Take their chairs: Doctor suggests children should stand or squat at school to fight the obesity epidemic


Image: Take their chairs: Doctor suggests children should stand or squat at school to fight the obesity epidemic

(Natural News)

A doctor has recommended that children must stand or squat rather than sitting at school to prevent the rise of obesity, according to an article by the Daily Mail.

Author and doctor Rangan Chatterjee told The Sunday Telegraph, as cited by Daily Mail Online, that he “wants to see standing desks in school as normal.” Moreover, he encouraged children to squat instead of sitting because sitting for six hours a day is bad for the back and weight of the children. Research has revealed that using a standing desk for at least three hours per day for five days a week can burn 30,000 extra calories in a year, which is equivalent to 10 marathons. Chatterjee is the host of BBC’s Doctor in the House and is a member of a group of health experts that fight against the obesity epidemic.

His suggestions come in response to the obesity crisis. While they may seem extreme, something needs to be done. In a report by the World Health Organization in 2017, the number of obese children and adolescents – aged five to 19 years old – has increased ten times in the past 40 years. The report was based on the study, published in The Lancet, that assessed the weight and height measurements of about 130 million people who were five years old and above. To date, this is the largest number of participants involved in an epidemiological study. For the study, over 1,000 contributors analyzed body mass index (BMI) and how obesity changed globally from 1975 to 2016.

Results of the study revealed that obesity rates in children and adolescents worldwide rose from less than one percent or 11 million boys and girls in 1975 to almost 14 percent or 124 million children in 2016. Furthermore, an additional 213 million were overweight but not obese in 2016.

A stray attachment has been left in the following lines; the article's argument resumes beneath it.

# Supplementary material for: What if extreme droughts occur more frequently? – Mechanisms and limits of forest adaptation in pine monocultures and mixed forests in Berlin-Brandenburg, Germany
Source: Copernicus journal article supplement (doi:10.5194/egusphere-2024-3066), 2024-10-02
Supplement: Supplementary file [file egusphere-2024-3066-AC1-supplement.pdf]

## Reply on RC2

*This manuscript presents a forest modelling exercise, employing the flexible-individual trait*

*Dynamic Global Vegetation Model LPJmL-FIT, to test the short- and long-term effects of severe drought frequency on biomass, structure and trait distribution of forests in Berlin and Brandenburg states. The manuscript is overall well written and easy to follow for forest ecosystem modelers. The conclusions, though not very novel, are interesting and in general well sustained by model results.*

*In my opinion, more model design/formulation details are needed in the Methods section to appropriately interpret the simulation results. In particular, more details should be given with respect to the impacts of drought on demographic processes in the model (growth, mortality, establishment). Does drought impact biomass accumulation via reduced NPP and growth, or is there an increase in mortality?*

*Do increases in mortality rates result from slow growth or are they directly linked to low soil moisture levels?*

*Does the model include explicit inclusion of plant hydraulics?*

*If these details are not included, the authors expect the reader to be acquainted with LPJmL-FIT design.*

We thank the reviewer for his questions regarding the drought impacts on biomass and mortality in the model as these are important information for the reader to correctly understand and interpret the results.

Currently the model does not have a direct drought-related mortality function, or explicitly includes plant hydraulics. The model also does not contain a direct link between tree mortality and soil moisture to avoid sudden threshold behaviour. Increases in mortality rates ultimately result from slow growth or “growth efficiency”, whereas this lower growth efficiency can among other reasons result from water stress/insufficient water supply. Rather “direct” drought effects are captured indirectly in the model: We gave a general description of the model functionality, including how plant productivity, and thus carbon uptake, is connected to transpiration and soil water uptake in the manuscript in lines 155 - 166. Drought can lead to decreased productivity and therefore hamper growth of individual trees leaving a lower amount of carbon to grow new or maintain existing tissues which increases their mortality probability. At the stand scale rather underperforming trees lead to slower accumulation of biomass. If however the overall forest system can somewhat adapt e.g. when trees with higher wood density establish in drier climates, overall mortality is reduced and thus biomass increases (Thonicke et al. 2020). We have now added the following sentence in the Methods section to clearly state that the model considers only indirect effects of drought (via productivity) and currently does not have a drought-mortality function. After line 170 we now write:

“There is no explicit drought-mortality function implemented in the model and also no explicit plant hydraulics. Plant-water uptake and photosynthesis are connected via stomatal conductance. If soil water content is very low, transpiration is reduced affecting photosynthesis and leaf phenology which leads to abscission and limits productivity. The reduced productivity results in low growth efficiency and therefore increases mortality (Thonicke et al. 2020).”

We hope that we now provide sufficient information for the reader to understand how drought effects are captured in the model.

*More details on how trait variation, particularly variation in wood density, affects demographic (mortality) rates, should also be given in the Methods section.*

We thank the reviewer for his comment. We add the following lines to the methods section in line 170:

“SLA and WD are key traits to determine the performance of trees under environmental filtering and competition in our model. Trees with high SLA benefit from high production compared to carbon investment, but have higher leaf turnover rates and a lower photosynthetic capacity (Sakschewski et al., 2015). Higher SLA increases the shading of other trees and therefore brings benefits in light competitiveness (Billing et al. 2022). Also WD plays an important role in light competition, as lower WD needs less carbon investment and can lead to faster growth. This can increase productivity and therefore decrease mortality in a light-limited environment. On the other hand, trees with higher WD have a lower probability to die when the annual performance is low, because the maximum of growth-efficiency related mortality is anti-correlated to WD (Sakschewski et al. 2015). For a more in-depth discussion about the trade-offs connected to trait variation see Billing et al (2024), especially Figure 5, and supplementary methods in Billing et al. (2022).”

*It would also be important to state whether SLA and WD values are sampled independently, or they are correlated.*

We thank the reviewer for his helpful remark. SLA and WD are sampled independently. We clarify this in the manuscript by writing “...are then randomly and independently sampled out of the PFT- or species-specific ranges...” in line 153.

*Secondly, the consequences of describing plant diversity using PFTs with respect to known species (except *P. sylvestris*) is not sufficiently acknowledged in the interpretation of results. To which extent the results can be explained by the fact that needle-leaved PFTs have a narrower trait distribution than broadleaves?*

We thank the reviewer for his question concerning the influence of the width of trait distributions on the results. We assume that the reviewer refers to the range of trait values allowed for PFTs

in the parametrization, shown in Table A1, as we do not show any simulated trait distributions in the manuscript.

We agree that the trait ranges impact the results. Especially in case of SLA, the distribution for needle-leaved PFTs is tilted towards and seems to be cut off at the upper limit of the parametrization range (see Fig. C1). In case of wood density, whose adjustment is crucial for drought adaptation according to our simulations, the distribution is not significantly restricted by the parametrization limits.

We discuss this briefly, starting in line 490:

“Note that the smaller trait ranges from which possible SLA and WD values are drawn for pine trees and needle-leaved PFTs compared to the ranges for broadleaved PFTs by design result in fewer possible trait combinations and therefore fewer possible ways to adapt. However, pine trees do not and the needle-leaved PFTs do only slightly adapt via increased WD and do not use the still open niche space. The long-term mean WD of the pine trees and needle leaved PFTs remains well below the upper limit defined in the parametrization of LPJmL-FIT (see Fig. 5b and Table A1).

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“These worrying trends reflect the impact of food marketing and policies across the globe, with healthy nutritious foods too expensive for poor families and communities. The trend predicts a generation of children and adolescents growing up obese and at greater risk of diseases, like diabetes. We need ways to make healthy, nutritious food more available at home and school, especially in poor families and communities, and regulations and taxes to protect children from unhealthy foods,” lead author Majid Ezzati explained.

Energy drinks add to the many causes of obesity

In order to lessen the number of overweight or obese people, Chatterjee hoped that the selling of sugar-rich energy drinks to children below 16 years old be banned.

Research shows that energy drinks contain huge and unnecessary amount of sugars. For the research, the campaign and research group, Action on Sugar, conducted a survey on 197 energy drinks. Out of these energy drinks, results showed that 78 percent would be reported to contain high amounts of sugar per serving – with approximately half of it containing the same amount or more sugars than Coca Cola per 100 mL. This is the equivalent to a huge nine teaspoons of sugar per 330 mL can. To put this into perspective, this is equivalent to the American Heart Association’s (AHA) recommended sugar intake limit for men. Meanwhile, it is more than the AHA’s recommended added sugar consumption limit per day for women, which is six teaspoons.

“Children are being deceived into drinking large cans of this stuff, thinking they are going to improve their performance at school, during sports, or even on a night out. In reality all they are doing is increasing their risk of developing obesity or type-2 diabetes which will have lifelong implications on their health. Type-2 diabetes is a leading cause of blindness, limb amputation and kidney dialysis – hardly the image of a healthy, active person,” said Graham MacGregor, a professor at Queen Mary University London and the chairman of Action on Sugar.

Learn more about the connection between sugar and obesity at Sweeteners.news.

Sources include:

DailyMail.co.uk

WHO.int

ActionOnSugar.org [PDF]

Heart.org


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